FROM SACRAMENTO — Normally it's called the "May Revise." But what Gov. Arnold Schwarzenegger will unveil today is a "get out of jail free" card for himself and legislators.
First the background:
Each May, California's governor revises his January budget proposal for the fiscal year starting July 1. The spending plan is updated to reflect the state's latest revenue take, particularly the April income tax returns. This year's returns were the sorriest since the Great Depression.
Schwarzenegger had planned to wait until after next Tuesday's special election to revamp his proposal -- much of it already enacted in February -- because nearly $6 billion in budget money is riding on the results.
But with polls showing all the key propositions headed for defeat, Schwarzenegger decided to spell out the potential upshot to voters now.
He'll produce two budget versions. One will assume that the ballot props he and the Legislature proposed somehow pass. The other will assume that they are rejected.
If they pass, there'll be a need for draconian spending cuts totaling only $15.4 billion -- on top of $16 billion already slashed in February. If the props fail, the level of cutting will be practically unfathomable -- $21.3 billion.
To put those numbers in perspective, we're looking at total general fund spending of from $85 billion to $90 billion.
So what does Schwarzenegger's roll-out today mean politically?
By detailing the hideous options that will remain if the budget props fail, the governor is shielding state policy makers from blame for the ugly results.
They'll be freed -- or at least should be -- from the consequences of their inevitably unpopular actions.
Voters can ignore the governor or refuse to believe him. They can dismiss his warnings as phony scare tactics, as the propositions' opponents contend. But the choice is theirs.
The day afterward, if the props are rejected, Capitol politicians will be free to butcher programs, fire public employees, even raise "fees" with majority votes. They'll have a voter mandate to do just about anything they want.
What about the voters' "message?" After all, this is being promoted by opponents as a "Send 'em a message!" election.
And what message would that be? Whatever the missive, it won't be coherent. It'll be loud gibberish:
Quit raising taxes!
Stop cutting services!
Live within your means!
No spending controls!
All these conflicting messages are being shouted by the odd coalition of anti-tax conservatives and pro-spending liberals opposed to the ballot package's linchpin, Proposition 1A. It would impose permanent spending controls, which the left detests, while triggering a two-year, $16-billion extension of temporary tax increases, which the right won't tolerate.
My guess is the loudest, most sustained noise is coming from the tax haters, inspired by small organizations whose existence depends on widespread fear of the tax bogeyman. Schwarzenegger used to spread the horror stories himself.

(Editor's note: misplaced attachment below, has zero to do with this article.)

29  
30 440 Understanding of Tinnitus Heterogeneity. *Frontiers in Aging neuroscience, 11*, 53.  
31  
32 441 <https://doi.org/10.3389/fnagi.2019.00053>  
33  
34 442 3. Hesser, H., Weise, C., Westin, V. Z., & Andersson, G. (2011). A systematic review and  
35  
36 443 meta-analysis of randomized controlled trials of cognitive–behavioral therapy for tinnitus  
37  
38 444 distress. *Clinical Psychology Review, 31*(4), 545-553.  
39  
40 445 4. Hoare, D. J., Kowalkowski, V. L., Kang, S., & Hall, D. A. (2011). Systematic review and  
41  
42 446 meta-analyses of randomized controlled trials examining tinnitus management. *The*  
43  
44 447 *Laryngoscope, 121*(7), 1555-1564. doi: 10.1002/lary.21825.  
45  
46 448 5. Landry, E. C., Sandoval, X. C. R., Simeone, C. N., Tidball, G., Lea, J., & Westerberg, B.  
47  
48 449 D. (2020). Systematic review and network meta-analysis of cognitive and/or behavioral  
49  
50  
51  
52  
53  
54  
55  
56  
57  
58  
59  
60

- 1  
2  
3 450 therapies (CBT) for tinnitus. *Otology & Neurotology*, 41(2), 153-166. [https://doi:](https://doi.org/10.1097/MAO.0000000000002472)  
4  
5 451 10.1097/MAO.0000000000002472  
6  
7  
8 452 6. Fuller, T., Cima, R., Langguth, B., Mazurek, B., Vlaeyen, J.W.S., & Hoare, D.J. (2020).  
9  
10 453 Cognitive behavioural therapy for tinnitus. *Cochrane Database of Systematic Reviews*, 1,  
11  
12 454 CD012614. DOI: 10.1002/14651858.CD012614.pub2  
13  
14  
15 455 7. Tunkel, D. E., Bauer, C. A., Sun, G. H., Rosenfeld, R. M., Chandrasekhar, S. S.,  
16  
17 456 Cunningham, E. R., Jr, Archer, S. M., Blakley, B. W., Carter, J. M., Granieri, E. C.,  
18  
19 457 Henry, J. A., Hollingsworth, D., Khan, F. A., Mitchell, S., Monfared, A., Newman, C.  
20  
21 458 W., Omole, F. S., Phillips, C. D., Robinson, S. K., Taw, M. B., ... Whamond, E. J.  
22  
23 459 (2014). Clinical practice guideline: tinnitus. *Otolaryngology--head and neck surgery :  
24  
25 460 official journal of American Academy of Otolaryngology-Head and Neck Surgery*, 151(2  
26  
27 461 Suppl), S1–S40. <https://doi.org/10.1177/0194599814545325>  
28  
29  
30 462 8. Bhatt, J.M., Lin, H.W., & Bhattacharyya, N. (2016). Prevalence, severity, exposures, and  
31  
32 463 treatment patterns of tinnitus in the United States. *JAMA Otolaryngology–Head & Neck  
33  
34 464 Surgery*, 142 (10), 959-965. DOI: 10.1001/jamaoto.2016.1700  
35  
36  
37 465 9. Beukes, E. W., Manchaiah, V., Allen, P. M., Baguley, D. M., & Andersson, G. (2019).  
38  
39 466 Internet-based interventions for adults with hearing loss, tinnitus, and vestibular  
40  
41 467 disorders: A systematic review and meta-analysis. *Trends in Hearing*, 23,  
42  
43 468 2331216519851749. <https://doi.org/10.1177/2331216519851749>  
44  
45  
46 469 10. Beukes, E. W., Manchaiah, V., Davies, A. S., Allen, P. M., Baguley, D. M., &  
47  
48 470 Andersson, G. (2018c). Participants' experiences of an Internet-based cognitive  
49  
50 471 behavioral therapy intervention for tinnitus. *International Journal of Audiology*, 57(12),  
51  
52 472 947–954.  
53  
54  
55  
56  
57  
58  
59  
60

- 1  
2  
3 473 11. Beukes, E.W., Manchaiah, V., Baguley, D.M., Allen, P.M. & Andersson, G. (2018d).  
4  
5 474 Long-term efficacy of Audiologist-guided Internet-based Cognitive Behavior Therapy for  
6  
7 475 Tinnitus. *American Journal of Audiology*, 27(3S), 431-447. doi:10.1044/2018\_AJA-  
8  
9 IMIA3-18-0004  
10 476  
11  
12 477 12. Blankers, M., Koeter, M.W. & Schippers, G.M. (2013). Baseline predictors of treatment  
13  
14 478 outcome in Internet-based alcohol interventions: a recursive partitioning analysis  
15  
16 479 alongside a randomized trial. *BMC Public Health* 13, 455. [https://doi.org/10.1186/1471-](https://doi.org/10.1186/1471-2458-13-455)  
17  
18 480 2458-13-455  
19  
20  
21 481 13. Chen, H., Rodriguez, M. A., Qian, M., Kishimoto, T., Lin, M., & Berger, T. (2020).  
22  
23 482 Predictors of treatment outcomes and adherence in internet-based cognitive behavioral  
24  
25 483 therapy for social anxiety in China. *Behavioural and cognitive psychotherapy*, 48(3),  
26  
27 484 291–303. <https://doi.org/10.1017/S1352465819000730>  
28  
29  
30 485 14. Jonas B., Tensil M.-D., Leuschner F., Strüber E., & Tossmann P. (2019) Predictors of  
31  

But the spending lobby also is in full throat, led by some public employee unions (California Federation of Teachers, Service Employees International Union) and cottage industries that have grown up around programs for kids under age 5 and the homeless mentally ill.
Both programs were created by previous ballot-box budgeting through initiatives and have stashes of money they currently don't need. Props. 1D and 1E would seize some of their surpluses for the general fund.
The big ticket item on the ballot for current budget-balancing is Prop. 1C, which would authorize expansion of the lottery and borrowing $5 billion against future profits. Some outfits opposed to Prop. 1A do support 1C. But it's virtually meaningless.
Prop. 1A is the focal point, the symbol for the entire package. How it fares likely will determine the fates of Props. 1B through 1E. Even if voters approve 1B, which ultimately would restore $9.3 billion in budget cuts for schools, it can't take effect unless 1A also passes.
So Schwarzenegger's not-so-subtle message to voters today will be something like this:
Don't pack the Capitol steps protesting thousands of teacher layoffs, ballooning class sizes and a shorter school year if the ballot props fail. Schools will be cut again regardless of the election outcome, but they'll be crushed if the props go down and Sacramento needs to find an additional $6 billion. You're on notice. Don't blame us.
State employee layoffs are a virtual certainty. But there'll be a lot more if the props lose. Go talk to the unions that opposed 1A.
And if you're a conservative who fears felons even worse than taxes, don't be stunned when tens of thousands of prisoners are freed because the state can't afford to keep them locked up.
There'll be fewer firefighting camps -- and less state aid for rural law enforcement.
In fact, you can expect the state to forcibly "borrow" billions from local governments, thus causing severe cuts in many city and country programs.
And, oh yes, the elderly poor, blind and disabled -- welfare moms and children's healthcare? They'll take the biggest hits, as usual. Some services will be eliminated. Others will be reduced to the bare minimum, even below what's permitted by federal law. Federal "waivers" will be sought. Blame the libs who fought the Prop. 1A spending controls.
Voters are forewarned. Killing the props will license the governor and lawmakers to slash and burn while safely possessing a "get out of jail free" card. What they must not do again, however, is use Monopoly money to "balance" the budget.